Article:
In these times of unrest, when we are inundated with the news of civil upheaval and the injustices that mankind reaps upon his fellow man, we can truly become anxious, worried and lose that calm that it takes to raise a family in joy and peace.
This excerpt gets us back on track.
If it’s a mistake to add the burden of the past to the weight of the present, it’s a still worse mistake to burden the present with the future.
The remedy for that tendency is to meditate on the lesson contained in the Gospel about abandonment to God’s Providence and ask for God’s grace to practice it.
“Do not be anxious about your life, what you shall eat or what you shall drink, nor about your body, what you shall put on. Is not life more than food, and the body more than clothing? Look at the birds of the air; they neither sow nor reap nor gather into barns, and yet your heavenly Father feeds them. Are you not of more value than they? And which of you by being anxious can add one cubit to his span of life? … Therefore do not be anxious, saying ‘What shall we eat?’ or ‘What shall we drink?’ or ‘What shall we wear?’ ”
Again, this does not mean being improvident and irresponsible. We are obliged to plan for the future and take thought for tomorrow. But we should do it without worrying, without the care that gnaws at the heart but doesn’t solve anything—and often prevents us from putting our hearts into what we have to do here and now.
Hearts anxious about tomorrow can’t be open to the grace of the present moment. Like the manna that fed the Hebrew people in the desert, grace can’t be stockpiled. We can’t build up reserves of grace but only receive it moment by moment, as part of the “daily bread” we pray for in the Our Father.
To be free of the burden of the future as well as the past, we need “re-education.”
Here are some commonsense points that can help.
Things seldom happen as we expect. Most of our fears and apprehensions turn out to be completely imaginary. Difficulties we anticipated become very simple in reality; and the real difficulties are things that didn’t occur to us.
It’s better to accept things as they come, one after another, trusting that we will have the grace to deal with them at the right time, than to invent a host of scenarios about what may happen—scenarios that normally turn out to be wrong.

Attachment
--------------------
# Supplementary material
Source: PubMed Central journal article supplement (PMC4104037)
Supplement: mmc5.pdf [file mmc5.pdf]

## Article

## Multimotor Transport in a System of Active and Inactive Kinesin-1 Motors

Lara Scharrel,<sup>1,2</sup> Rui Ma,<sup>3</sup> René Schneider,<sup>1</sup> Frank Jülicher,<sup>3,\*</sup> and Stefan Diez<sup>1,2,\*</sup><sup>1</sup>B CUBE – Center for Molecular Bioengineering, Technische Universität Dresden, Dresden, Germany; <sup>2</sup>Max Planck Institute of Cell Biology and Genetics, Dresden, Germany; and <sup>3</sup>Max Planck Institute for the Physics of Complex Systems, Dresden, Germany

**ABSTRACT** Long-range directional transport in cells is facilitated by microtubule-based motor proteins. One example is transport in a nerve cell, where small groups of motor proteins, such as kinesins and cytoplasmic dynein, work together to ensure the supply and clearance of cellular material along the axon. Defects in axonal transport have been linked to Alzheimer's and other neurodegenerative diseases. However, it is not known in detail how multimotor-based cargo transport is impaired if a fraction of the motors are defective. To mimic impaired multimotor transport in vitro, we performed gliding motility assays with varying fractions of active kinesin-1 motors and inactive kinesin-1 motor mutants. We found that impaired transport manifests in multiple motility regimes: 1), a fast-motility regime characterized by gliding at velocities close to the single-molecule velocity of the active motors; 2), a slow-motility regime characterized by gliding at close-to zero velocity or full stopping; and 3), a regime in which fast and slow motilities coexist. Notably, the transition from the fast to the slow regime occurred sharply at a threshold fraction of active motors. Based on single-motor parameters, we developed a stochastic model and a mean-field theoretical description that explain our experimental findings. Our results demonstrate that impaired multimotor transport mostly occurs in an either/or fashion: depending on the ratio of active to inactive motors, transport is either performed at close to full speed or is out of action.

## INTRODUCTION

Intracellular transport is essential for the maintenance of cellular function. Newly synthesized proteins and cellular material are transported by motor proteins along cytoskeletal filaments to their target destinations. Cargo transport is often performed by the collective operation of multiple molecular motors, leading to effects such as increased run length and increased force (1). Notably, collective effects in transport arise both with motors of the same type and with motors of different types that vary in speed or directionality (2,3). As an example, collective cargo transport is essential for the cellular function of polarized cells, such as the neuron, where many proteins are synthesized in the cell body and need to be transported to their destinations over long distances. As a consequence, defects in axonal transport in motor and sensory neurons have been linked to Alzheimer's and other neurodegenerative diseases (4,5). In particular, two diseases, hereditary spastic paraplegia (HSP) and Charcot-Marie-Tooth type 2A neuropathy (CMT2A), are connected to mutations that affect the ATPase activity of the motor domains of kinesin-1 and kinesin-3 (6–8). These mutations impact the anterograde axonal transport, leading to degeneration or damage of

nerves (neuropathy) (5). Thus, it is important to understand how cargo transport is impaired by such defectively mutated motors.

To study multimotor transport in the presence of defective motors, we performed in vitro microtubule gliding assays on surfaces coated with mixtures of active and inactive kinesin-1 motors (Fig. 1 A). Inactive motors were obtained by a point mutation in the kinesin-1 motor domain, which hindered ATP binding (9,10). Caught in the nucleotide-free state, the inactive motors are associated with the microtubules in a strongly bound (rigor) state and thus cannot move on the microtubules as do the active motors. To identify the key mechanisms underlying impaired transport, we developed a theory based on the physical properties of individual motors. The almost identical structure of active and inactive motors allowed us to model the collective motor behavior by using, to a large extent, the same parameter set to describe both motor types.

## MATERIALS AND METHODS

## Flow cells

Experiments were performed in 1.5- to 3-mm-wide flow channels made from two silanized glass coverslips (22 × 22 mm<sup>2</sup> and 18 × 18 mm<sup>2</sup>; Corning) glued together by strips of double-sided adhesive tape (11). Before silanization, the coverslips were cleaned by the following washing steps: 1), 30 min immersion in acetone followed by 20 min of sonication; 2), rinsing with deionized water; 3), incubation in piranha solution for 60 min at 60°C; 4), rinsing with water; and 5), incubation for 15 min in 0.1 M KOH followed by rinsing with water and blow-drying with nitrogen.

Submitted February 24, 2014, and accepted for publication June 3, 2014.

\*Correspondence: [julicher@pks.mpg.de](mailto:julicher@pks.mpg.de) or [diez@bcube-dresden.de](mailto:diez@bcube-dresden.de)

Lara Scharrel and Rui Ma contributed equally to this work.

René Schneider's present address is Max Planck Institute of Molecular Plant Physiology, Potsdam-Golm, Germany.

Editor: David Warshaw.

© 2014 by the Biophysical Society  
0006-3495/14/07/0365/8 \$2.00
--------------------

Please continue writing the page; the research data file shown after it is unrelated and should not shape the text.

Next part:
The best way to prepare for the future is to put our hearts into the present. In the Gospel, Jesus tells his disciples they will be hauled before tribunals, and then he adds: “Settle it therefore in your minds, not to meditate beforehand how to answer; for I will give you a mouth and wisdom, which none of your adversaries will be able to withstand or contradict.”
Projecting our fears into the future cuts us off from reality and prevents us from dealing with the present situation as we should. It saps our best energies.
In another passage of her journal, Etty Hillesum says: “If one burdens the future with one’s worries, it cannot grow organically. I am filled with confidence, not that I shall succeed in worldly things, but that even when things go badly for me I shall still find life good and worth living.”
Fear of suffering, as we’ve seen, causes more pain than suffering does. We need to live accordingly. We have to fight them daily, like fleas, those many small worries about the morrow, for they sap our energies.
We make mental provision for the days to come, and everything turns out differently, quite differently. Sufficient unto the day.
The things that have to be done must be done, and for the rest we must not allow ourselves to become infested with thousands of petty fears and worries, so many motions of no confidence in God. Everything will turn out all right …
Ultimately, we have just one moral duty: to reclaim large areas of peace in ourselves, more and more peace, and to reflect it towards others. And the more peace there is in us, the more peace there will also be in our troubled world.
“Many times God allows it to be hard to pray, simply to school us in applying our wills, to teach us that the value of prayer does not depend on the amount of emotion we can whip up. So when ‘Time for prayers’ is greeted with moans and groans, it’s time to explain that saying prayers when you least want to, simply because you love God and have a kind of dry respect and a sense of obedience, is to gain the greatest merit for them. Many times the saints had trouble getting excited about prayers, but they said them, because prayers were due and their value had nothing to do with how eagerly they went about saying them.” -Mary Reed Newland
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